"Discipline must come through liberty...We do not consider an individual disciplined only when he has been rendered as artificially silent as a mute and as immovable as a paralytic. He is an individual annihilated, not disciplined." — Maria Montessori
Dr. Maria Montessori was a leading thinker in education whose ideas were, in many ways, ahead of her time. She was a visionary and Italy’s first female physician. Dr. Montessori was born in Chiaravalle, Italy in 1870, and became one of that country’s first female physicians in 1886. Through her profound interest in child development and scientific observation of children from various backgrounds and cultures, she developed a unique method of education. She acutely studied and observed how children learn, and concluded that children teach themselves based on what they find in their environment. She gave up her medical practice and university professorship to found the first Montessori school, Casa dei Bambini, or Children’s House, in the San Lorenzo neighborhood of Rome. In teaching those sixty children, she developed the philosophy, methods, and materials that has eventually became known as the Montessori approach.
Dr. Montessori wrote, “The most important period of life is not the age of university studies, but the first one, the period from birth to age six, for that is the time when man’s intelligence itself is being formed.” Recent scientific research has confirmed that children develop 50% of their mature intelligence from conception to age 6.
Dr. Montessori observed that children went through sensitive periods during which they showed special aptitude for certain kinds of developmental activity. These periods are especially pronounced in the development of movement, order, language, music, fascination with small objects, and bonding or attachment. Modern neuroscience has validated these discoveries, which calls them “Windows of Opportunity.”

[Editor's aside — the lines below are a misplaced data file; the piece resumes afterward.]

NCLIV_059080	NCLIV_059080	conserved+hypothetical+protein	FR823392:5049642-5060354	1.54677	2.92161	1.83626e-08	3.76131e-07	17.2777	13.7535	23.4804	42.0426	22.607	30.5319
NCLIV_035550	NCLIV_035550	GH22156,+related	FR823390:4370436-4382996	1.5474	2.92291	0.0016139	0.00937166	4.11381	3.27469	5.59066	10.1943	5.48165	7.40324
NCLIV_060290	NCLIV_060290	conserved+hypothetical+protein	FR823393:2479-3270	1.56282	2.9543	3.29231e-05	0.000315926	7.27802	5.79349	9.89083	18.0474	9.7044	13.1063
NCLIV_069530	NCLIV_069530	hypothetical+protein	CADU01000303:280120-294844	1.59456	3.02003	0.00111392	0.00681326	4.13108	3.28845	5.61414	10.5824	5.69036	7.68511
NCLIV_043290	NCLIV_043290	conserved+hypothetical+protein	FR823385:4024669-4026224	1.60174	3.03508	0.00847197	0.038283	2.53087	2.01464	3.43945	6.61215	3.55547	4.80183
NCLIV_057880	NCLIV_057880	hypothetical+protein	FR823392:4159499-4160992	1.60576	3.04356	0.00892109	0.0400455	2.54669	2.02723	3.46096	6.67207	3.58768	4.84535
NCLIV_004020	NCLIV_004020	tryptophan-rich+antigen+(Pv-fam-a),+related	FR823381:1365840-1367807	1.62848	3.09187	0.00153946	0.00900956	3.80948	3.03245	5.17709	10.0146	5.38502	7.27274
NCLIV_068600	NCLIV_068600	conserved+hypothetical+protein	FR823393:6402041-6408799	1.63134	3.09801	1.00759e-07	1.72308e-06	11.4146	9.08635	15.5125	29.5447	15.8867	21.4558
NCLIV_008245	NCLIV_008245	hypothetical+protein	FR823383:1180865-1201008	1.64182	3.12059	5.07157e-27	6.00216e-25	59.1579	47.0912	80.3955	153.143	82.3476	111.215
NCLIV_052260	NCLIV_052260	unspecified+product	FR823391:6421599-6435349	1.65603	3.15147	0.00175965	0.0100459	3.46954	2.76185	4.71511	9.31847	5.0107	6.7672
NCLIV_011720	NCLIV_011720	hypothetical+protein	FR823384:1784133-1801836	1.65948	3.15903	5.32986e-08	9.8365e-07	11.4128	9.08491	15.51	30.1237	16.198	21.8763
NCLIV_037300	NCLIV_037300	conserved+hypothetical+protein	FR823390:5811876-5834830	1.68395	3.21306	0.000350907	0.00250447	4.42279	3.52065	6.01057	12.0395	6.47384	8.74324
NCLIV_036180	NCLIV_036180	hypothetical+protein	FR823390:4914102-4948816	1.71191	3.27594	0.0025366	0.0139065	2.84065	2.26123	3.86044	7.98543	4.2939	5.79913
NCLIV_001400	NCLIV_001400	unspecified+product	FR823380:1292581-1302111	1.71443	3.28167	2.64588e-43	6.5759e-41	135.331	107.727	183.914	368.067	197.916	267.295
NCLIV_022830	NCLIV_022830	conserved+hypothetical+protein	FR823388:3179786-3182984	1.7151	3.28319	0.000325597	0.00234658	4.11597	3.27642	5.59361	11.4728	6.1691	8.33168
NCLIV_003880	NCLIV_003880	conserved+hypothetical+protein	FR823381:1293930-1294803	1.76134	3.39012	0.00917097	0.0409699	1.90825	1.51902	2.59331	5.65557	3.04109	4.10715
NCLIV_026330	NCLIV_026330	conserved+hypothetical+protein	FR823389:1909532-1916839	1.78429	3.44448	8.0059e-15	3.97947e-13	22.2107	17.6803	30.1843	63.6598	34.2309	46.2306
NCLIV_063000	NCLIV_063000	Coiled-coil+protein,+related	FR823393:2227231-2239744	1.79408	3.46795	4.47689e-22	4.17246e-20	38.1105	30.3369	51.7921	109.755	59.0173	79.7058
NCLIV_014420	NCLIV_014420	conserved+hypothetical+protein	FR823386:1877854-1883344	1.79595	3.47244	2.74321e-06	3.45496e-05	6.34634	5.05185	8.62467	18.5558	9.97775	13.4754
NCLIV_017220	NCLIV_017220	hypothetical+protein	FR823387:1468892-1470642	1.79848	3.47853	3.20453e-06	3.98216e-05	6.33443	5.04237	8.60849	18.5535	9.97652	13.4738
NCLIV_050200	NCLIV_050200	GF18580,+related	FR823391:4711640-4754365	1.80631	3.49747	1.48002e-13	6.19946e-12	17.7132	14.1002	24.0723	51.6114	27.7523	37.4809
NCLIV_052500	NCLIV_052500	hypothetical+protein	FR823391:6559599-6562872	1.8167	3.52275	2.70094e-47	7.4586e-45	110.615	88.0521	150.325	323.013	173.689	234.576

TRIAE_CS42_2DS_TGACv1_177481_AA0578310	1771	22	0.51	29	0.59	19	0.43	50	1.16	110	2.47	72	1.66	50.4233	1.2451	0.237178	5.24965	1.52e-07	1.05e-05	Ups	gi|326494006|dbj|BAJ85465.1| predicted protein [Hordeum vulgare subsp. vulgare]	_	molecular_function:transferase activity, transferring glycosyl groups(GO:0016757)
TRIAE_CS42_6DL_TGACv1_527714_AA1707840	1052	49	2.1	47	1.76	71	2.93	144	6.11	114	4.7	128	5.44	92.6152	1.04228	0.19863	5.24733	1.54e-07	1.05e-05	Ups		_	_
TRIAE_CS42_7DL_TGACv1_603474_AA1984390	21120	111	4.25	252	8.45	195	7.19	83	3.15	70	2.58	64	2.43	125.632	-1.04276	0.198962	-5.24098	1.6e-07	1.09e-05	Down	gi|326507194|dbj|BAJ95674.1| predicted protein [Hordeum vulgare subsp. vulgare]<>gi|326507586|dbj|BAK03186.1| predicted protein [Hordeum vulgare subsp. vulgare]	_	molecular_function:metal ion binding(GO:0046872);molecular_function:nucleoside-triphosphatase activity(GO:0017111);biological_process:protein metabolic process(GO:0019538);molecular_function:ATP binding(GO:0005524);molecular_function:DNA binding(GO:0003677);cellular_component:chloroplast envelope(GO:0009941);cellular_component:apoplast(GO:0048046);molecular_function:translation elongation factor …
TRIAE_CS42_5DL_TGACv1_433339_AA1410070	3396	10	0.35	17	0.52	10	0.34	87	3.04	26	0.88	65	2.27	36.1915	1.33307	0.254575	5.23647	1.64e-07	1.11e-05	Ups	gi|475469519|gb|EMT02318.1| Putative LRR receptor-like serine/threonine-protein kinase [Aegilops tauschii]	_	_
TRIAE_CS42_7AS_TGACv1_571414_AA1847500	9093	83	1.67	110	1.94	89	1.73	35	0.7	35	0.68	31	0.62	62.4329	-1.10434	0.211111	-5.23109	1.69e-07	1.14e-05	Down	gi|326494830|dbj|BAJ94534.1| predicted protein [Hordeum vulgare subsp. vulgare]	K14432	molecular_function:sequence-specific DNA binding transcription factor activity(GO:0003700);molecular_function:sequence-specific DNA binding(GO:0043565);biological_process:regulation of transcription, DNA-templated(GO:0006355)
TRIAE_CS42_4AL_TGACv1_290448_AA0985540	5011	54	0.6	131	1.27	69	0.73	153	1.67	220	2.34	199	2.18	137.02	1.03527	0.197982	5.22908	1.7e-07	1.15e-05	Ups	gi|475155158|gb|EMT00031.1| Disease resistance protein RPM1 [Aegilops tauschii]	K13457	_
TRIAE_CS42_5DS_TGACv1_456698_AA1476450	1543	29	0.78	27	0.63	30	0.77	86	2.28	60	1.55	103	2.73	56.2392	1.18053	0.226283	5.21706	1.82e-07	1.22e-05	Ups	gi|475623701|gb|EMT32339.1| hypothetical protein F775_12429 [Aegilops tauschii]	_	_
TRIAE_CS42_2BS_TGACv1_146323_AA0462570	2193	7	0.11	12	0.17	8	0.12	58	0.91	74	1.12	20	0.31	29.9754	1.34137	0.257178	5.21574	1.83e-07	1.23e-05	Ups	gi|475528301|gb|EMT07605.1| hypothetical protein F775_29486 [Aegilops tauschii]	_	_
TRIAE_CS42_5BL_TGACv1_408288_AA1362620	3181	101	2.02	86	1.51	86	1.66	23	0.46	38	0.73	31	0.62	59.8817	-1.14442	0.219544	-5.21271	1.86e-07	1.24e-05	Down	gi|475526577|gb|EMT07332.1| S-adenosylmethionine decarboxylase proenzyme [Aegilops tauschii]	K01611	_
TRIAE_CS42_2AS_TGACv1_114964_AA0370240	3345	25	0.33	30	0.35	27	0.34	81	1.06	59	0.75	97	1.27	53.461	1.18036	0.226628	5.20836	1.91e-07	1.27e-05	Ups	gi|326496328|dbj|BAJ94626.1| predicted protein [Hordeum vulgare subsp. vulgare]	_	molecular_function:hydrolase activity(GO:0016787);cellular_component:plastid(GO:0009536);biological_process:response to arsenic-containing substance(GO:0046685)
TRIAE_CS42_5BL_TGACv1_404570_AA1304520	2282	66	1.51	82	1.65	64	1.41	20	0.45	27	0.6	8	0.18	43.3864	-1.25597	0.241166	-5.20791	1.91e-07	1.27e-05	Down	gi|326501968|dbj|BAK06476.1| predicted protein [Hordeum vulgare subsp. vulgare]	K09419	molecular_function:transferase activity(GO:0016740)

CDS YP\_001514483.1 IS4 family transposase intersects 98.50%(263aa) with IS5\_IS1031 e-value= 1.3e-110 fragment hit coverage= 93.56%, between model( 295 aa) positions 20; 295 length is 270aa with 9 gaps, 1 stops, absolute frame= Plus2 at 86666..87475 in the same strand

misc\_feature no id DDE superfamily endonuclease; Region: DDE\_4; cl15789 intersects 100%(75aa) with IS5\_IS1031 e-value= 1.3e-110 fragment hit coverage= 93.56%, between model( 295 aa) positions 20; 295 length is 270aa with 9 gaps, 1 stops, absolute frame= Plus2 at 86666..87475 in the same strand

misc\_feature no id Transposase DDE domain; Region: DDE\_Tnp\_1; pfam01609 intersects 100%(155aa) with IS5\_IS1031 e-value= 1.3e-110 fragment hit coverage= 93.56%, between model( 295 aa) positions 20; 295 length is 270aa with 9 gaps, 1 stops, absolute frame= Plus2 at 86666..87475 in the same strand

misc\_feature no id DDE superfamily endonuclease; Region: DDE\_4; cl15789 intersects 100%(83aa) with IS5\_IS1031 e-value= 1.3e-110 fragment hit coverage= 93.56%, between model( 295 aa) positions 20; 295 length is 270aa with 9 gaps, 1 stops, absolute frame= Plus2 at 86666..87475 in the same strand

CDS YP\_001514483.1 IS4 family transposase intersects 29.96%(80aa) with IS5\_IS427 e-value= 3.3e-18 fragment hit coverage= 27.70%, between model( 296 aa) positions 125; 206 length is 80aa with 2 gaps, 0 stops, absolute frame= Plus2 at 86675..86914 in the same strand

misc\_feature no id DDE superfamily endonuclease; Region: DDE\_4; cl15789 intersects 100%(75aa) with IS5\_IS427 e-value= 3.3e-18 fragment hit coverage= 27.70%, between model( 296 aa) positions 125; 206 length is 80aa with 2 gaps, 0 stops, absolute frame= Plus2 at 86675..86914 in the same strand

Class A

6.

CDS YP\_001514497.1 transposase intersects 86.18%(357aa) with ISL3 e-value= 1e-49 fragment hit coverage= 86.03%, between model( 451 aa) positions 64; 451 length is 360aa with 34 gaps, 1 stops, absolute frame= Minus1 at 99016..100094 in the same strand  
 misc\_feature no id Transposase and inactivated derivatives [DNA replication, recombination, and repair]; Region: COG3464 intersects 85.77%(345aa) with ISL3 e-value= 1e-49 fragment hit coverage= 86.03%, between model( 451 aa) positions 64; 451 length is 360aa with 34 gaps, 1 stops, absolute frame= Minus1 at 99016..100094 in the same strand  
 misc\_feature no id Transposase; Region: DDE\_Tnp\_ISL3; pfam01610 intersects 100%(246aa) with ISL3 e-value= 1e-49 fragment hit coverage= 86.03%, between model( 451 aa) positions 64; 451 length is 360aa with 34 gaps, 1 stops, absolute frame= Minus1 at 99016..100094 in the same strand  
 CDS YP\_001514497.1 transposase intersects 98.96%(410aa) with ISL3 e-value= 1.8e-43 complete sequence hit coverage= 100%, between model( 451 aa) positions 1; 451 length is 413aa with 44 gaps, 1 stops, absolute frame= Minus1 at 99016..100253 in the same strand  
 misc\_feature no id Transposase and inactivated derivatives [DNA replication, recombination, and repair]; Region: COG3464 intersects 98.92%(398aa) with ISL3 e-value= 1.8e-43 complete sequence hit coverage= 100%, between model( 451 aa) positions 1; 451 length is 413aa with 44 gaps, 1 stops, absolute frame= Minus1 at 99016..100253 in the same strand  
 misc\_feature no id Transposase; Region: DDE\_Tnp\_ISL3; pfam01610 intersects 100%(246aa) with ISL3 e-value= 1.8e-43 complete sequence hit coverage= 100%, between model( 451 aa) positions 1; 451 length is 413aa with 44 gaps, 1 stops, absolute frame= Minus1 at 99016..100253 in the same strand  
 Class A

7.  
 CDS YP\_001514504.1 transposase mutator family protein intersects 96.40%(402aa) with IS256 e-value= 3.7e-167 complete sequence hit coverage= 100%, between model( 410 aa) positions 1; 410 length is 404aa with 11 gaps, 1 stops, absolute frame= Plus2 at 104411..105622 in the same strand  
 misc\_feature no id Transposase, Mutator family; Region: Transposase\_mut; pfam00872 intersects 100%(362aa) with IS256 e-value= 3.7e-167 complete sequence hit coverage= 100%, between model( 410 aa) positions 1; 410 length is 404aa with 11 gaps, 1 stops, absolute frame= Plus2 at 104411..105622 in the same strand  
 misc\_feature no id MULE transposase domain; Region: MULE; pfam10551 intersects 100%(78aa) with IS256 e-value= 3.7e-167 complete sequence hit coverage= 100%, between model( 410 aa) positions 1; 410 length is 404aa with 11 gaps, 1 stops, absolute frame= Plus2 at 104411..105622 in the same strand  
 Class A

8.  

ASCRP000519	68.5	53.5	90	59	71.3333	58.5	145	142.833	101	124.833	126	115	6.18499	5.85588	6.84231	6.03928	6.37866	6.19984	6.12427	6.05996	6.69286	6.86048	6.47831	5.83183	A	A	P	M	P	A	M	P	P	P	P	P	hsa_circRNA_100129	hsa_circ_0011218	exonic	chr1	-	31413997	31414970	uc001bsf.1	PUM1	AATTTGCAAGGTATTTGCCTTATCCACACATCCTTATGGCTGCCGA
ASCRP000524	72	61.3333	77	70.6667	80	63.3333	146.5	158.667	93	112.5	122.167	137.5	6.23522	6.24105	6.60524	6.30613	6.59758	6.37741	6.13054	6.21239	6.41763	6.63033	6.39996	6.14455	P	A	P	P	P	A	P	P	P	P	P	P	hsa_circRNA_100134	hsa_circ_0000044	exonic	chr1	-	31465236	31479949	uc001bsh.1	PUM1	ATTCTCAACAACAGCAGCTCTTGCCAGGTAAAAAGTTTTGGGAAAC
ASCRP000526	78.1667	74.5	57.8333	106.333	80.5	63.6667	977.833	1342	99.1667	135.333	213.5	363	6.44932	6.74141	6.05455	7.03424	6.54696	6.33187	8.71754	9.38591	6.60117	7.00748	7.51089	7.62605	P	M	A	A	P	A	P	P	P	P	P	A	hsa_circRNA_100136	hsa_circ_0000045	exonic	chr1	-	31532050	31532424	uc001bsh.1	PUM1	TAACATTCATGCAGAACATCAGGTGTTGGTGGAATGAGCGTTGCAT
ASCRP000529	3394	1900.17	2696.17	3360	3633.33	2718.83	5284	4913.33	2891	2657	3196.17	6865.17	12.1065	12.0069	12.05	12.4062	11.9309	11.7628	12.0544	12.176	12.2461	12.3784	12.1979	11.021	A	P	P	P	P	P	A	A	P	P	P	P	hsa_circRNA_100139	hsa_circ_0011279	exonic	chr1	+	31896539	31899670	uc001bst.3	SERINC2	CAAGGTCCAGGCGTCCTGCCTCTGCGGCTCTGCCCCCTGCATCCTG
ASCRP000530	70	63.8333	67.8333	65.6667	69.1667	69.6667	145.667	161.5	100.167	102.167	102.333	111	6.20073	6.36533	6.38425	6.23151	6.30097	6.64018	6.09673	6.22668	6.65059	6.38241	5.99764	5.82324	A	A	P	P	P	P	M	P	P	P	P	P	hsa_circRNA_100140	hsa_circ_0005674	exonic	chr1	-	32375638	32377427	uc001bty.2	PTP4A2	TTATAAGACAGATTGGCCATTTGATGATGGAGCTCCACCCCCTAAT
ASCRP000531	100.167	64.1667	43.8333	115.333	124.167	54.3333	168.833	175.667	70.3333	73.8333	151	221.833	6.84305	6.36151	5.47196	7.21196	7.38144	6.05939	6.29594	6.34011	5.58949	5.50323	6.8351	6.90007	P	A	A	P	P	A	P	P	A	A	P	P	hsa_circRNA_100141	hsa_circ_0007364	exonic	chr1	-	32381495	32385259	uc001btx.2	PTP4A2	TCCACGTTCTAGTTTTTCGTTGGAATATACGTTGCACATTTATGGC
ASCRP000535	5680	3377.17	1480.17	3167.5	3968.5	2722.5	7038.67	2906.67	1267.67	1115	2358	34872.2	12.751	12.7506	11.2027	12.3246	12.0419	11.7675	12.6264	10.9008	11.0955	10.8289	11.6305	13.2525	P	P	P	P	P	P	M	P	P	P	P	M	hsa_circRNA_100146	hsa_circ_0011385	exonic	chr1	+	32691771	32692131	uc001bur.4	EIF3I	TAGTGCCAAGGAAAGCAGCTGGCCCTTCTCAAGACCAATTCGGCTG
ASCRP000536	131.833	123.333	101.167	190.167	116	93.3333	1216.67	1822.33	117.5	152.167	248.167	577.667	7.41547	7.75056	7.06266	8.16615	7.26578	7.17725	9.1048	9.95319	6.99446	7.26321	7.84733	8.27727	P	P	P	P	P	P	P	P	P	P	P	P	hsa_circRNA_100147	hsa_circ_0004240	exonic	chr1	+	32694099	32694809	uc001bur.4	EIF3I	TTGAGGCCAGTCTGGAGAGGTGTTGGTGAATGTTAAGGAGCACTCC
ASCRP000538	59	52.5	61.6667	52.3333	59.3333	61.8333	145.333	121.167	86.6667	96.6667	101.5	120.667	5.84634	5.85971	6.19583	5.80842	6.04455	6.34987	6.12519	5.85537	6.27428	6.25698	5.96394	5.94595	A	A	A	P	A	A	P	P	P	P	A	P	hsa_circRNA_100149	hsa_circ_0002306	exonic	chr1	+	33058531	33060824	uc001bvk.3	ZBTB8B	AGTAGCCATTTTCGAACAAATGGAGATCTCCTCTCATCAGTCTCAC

Montessori education develops the child in all of its holistic dimensions. The Montessori curriculum encourages self-discipline, self-knowledge, independence, academic skills, problem-solving ability, social development, and an enthusiasm for learning through a combination of a self-regulated and multi-sensory approach. One of the most essential, stimulating, and supportive elements in children’s learning is the prepared environment. Working within a classroom, well-equipped with a wide range of carefully designed, hands-on materials, children are encouraged to explore, understand, and experience the joy of discovering the world around them.
In a typical Montessori classroom, the teacher or guide blends in with the children. The children independently choose their own activities, which are designed to teach daily living skills, from cooking to sensorial acuity, numeration and arithmetic, as well as writing skills and reading. The guide gives individual or group presentations of the material to those who need them.
Children become self-regulated through concentrating on stimulating self-chosen tasks that they can pursue individually or in groups; Montessori called this process “normalization.” There is a progression of activities which require focused movement, balanced body coordination and high levels of concentration. Among these are “walking on the line” and “the silence game” where children are invited and encouraged to be physically still and focus on the objects in the classroom environment, taking these children to the highest level of discipline and self-control.
For more than 100 years, the scientific method of Montessori pedagogy has provided strong foundation to students. These Montessori alumni have shown great contribution towards education and have transformed the world through their imagination and creativity. A few among them are:
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